Our People in Profile: Music therapist Kelsey MacDonald’s untraditional career choice is a hit in Pictou County
Kelsey MacDonald can often be heard in the hallways on the fifth floor of the Aberdeen Hospital in New Glasgow, Nova Scotia.
For the last two years, she has been a music therapist at the local hospital.
MacDonald offers music therapy interventions to patients in palliative care, the alternative level of care unit and the pediatric rehab.
Music Therapists like MacDonald use music in a therapeutic relationship to achieve a goal. They will choose a patient’s preferred music and adjust based on their responses to the music.
“We have many different pathways in our brain, such as motor, language, sensory and emotional to name a few. If the language center of the brain is damaged, this doesn’t necessarily mean that the music pathway is broken as well,” said MacDonald. “This is why when a patient with dementia who has difficulty speaking, can often sing a song from their childhood without fault.”
MacDonald’s decision to become a music therapist wasn’t a surprising one.
As a child, you could always find her singing or playing the piano.
She knew she wanted to incorporate not only music in her career, but she also had a passion for helping people.
When she found out about music therapy, she knew it was the perfect fit for her. This led her to pursue a Bachelor of Music Therapy at Acadia University.
MacDonald acknowledges that music therapy can be an untraditional career choice. However, the support she has received from her coworkers, patients and families helps her to know she made the right choice.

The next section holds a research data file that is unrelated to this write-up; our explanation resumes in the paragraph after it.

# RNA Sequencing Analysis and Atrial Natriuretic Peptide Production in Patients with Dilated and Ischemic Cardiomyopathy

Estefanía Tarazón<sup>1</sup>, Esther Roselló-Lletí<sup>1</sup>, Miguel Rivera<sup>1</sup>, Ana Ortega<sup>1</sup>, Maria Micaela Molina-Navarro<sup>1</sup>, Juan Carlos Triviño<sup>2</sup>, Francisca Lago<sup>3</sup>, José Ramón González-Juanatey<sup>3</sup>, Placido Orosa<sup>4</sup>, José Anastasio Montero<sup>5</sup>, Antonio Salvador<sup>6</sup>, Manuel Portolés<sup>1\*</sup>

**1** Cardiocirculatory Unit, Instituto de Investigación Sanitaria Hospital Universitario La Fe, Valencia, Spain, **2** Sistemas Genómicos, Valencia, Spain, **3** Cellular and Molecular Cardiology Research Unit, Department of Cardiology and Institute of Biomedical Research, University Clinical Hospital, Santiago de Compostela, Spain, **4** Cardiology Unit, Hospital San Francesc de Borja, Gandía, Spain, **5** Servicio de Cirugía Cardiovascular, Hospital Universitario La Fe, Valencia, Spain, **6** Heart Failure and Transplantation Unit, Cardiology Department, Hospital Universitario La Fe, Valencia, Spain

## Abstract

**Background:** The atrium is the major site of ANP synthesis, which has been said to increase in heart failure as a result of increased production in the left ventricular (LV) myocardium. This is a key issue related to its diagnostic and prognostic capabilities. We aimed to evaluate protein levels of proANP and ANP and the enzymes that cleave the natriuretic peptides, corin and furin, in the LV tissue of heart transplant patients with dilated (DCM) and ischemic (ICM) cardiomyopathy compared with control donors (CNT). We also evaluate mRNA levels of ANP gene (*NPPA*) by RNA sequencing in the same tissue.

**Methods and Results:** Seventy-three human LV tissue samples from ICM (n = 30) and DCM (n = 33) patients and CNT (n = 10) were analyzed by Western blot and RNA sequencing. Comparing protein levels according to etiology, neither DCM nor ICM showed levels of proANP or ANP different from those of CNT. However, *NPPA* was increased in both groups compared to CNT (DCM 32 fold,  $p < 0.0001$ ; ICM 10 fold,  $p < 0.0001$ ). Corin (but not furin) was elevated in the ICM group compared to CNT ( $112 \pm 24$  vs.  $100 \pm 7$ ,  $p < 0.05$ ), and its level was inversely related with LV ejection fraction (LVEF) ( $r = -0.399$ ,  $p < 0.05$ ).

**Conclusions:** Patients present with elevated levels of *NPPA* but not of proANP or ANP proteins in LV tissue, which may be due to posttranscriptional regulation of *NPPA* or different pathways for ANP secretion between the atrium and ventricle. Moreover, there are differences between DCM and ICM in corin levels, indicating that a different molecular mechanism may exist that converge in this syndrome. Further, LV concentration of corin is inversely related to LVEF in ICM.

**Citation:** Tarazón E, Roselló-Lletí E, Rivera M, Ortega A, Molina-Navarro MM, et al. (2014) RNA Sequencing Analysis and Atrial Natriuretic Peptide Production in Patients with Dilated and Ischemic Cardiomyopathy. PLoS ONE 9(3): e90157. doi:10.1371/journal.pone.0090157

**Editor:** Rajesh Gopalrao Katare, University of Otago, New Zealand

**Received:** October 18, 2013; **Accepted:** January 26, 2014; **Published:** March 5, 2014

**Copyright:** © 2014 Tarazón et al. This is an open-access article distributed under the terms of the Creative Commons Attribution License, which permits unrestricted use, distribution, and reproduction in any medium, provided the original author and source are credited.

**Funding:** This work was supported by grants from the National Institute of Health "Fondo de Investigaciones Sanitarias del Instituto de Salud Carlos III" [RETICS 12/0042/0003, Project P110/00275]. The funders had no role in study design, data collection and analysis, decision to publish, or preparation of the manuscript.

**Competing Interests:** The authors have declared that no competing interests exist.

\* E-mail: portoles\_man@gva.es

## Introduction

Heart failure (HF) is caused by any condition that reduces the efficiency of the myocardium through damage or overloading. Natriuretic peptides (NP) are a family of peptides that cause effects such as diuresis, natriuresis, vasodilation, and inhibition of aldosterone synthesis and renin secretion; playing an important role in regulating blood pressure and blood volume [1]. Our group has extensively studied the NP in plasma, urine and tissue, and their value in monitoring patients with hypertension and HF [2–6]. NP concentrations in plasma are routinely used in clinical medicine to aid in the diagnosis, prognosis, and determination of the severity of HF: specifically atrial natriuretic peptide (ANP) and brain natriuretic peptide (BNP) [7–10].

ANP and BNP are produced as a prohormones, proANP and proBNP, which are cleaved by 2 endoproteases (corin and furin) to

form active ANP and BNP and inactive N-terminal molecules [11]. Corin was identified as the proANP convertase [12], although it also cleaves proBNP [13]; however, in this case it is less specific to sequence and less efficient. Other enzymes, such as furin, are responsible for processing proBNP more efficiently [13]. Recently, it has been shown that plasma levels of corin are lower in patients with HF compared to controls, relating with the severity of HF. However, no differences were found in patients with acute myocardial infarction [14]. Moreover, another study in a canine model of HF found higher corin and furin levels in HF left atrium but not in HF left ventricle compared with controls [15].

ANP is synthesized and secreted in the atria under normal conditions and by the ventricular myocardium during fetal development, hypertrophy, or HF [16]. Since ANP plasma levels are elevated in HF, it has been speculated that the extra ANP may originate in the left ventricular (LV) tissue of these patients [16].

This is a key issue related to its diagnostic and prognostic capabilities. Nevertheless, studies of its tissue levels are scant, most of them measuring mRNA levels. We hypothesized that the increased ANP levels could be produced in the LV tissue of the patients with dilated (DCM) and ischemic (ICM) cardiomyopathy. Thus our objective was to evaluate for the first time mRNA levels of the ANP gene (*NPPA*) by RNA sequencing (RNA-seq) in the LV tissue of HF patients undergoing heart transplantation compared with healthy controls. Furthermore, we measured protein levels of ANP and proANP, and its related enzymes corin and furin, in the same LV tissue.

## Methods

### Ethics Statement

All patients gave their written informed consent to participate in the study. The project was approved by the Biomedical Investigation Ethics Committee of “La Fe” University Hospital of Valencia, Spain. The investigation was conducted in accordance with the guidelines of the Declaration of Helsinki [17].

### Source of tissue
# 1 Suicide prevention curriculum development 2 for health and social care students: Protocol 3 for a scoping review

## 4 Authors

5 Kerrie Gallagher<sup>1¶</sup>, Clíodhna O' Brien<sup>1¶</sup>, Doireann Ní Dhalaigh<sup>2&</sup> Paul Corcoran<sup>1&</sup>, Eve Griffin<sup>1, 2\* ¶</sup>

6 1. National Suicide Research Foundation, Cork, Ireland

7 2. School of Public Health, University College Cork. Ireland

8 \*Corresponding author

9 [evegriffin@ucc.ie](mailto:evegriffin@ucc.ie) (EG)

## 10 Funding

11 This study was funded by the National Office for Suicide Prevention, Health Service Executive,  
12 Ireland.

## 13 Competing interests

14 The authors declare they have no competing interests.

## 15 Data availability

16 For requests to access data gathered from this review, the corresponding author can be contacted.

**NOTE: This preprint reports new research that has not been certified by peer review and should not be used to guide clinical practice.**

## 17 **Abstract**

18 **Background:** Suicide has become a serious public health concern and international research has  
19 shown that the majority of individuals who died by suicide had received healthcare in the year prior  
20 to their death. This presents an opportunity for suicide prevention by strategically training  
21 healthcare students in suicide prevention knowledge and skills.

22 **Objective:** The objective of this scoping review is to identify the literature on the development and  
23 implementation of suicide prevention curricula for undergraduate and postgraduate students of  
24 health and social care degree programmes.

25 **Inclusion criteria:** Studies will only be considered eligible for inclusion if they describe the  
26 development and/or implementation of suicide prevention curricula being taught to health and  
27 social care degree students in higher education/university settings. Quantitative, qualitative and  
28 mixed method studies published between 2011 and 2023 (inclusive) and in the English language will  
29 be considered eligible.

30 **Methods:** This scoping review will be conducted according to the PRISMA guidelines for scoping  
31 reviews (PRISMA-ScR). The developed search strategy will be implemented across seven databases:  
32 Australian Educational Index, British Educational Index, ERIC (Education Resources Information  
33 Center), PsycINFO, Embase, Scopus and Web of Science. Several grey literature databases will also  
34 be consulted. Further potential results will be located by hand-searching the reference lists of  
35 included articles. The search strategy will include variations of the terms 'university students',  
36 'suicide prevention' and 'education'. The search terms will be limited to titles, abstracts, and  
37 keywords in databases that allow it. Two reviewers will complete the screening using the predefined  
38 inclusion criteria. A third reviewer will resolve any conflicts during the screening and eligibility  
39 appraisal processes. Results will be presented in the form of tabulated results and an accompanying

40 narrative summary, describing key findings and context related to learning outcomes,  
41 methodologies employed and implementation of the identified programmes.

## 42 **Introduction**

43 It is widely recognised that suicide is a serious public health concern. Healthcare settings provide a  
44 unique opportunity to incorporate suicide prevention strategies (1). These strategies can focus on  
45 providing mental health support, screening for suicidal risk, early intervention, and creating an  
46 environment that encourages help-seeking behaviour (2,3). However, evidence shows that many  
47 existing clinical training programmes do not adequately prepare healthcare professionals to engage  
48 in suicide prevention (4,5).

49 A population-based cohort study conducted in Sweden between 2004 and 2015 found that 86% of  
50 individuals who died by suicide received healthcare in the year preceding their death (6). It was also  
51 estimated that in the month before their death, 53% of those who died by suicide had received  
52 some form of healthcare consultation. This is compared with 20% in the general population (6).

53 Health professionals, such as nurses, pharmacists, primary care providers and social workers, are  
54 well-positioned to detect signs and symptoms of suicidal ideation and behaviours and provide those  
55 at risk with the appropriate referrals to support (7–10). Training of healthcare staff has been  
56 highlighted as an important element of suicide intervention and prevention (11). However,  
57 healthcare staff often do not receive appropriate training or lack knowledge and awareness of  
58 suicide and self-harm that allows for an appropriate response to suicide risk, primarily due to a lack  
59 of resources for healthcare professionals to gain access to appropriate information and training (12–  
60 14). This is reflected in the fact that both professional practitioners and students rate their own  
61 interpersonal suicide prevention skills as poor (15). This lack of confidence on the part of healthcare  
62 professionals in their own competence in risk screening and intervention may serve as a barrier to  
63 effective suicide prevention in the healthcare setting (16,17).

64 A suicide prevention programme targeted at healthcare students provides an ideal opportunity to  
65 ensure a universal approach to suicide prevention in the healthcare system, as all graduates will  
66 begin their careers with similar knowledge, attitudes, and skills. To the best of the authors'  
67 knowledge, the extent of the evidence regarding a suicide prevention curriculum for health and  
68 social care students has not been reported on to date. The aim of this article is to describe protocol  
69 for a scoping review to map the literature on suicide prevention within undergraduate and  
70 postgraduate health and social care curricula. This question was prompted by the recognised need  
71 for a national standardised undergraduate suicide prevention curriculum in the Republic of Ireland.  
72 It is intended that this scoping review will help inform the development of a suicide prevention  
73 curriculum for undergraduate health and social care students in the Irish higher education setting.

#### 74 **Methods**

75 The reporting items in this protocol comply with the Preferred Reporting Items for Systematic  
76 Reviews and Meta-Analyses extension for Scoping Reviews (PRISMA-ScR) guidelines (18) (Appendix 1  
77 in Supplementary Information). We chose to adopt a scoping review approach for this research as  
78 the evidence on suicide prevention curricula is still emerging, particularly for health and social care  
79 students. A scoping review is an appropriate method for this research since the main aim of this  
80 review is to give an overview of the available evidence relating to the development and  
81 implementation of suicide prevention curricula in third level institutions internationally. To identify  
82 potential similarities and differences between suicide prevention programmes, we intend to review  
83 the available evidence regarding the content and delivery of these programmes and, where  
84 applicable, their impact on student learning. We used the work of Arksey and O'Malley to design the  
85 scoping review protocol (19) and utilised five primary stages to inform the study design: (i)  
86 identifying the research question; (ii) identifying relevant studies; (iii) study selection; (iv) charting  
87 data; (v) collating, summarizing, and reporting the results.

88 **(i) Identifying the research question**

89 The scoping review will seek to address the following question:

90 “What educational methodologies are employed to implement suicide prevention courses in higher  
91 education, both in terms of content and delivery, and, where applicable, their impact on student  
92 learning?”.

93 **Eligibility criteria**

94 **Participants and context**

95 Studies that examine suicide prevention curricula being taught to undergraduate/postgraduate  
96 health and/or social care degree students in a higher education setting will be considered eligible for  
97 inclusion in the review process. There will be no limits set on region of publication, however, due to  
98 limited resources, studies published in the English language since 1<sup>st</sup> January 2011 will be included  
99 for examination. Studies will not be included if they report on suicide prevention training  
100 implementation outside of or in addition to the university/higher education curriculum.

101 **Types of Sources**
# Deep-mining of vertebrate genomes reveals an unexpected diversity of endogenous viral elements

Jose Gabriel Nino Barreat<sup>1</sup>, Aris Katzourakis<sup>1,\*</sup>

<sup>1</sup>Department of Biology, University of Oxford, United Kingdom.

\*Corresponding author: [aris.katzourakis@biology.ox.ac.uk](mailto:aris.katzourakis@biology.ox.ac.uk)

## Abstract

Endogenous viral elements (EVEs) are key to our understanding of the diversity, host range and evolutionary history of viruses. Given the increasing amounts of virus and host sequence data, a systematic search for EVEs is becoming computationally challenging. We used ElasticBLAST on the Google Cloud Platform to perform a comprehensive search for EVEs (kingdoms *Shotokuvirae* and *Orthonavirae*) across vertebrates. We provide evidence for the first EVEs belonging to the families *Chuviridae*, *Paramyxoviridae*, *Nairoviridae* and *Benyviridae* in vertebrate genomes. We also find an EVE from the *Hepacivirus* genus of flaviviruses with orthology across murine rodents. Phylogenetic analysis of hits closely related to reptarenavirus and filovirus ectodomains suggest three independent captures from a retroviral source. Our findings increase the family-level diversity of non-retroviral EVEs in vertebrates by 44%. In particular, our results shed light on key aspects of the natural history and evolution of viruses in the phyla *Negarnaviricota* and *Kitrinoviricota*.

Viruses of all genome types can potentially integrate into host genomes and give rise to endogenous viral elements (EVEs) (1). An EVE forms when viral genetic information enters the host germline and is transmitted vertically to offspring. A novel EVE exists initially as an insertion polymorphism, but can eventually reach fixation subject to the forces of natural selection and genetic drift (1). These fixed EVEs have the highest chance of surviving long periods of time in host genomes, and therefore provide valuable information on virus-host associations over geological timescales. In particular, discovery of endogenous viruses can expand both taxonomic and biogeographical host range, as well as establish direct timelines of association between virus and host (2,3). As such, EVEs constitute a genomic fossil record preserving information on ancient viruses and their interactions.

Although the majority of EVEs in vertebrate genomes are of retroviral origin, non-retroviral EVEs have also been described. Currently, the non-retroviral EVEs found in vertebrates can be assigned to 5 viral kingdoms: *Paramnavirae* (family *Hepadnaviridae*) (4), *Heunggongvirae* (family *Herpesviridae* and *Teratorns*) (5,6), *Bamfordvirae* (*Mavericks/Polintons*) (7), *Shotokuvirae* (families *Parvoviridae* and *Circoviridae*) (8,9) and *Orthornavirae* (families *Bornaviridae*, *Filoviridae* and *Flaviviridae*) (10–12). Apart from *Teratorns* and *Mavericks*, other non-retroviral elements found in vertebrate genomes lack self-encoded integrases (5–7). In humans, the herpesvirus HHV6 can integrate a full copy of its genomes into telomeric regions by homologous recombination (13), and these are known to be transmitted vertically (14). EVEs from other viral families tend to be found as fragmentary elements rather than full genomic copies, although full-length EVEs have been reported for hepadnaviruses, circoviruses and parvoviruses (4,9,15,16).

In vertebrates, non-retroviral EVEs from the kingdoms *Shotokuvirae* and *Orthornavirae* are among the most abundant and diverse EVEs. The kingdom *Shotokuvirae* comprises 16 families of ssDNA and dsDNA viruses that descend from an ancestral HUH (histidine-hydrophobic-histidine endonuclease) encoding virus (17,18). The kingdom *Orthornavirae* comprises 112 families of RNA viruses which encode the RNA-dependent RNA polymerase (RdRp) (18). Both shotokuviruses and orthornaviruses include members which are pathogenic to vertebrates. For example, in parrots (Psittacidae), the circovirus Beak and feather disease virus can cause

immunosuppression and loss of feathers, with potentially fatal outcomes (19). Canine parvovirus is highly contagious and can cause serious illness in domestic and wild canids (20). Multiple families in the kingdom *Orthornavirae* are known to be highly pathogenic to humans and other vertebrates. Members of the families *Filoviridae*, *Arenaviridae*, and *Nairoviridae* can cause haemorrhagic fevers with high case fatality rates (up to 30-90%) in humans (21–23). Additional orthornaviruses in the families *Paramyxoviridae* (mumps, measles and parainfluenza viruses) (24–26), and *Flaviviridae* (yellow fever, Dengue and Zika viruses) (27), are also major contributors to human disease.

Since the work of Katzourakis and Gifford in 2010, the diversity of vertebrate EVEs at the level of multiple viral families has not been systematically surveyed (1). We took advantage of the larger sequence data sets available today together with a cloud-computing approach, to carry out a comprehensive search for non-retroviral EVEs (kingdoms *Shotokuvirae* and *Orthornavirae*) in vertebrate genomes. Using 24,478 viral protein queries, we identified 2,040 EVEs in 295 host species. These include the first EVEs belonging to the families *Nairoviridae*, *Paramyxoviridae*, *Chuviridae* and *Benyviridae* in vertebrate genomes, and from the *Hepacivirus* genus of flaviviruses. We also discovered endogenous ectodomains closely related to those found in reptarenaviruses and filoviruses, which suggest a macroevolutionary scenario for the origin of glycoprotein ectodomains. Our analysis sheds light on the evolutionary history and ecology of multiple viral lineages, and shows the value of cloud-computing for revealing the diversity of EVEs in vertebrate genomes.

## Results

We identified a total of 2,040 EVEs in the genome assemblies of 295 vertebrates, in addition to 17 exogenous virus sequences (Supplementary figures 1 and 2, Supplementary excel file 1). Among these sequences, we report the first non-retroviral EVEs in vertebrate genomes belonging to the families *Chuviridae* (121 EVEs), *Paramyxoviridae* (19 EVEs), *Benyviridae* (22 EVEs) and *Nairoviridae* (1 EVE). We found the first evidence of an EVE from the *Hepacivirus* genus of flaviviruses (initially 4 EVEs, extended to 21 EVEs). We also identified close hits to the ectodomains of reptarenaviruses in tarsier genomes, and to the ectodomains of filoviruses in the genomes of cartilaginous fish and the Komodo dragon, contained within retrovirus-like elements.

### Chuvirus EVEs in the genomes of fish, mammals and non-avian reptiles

“Staff have been very supportive of music therapy and its benefits. They are great advocates of the program and I appreciate all of their support.”
MacDonald recalls a time where music therapy has helped a palliative care patient of hers in the past.
“I worked with a patient who was experiencing restlessness and agitation. The patient was nearing the end of life and unable to settle. After entering the room, I began to play his favourite song and he immediately stilled. I continued to sing until he laid back in bed and appeared to fall asleep. This created a calming environment not only for the patient but for the family members. Before I left, his brother said to me that he wouldn’t have believed it unless he had witnessed it.”
This highlights how music therapy can have a positive impact on a person’s well-being at any stage of a life and shows how it can be used in a health care setting.
MacDonald is grateful for the opportunity to pursue her dream career in her home province.
“I am grateful for this opportunity to bring music therapy to people who may not be aware of its benefits in a rural area.”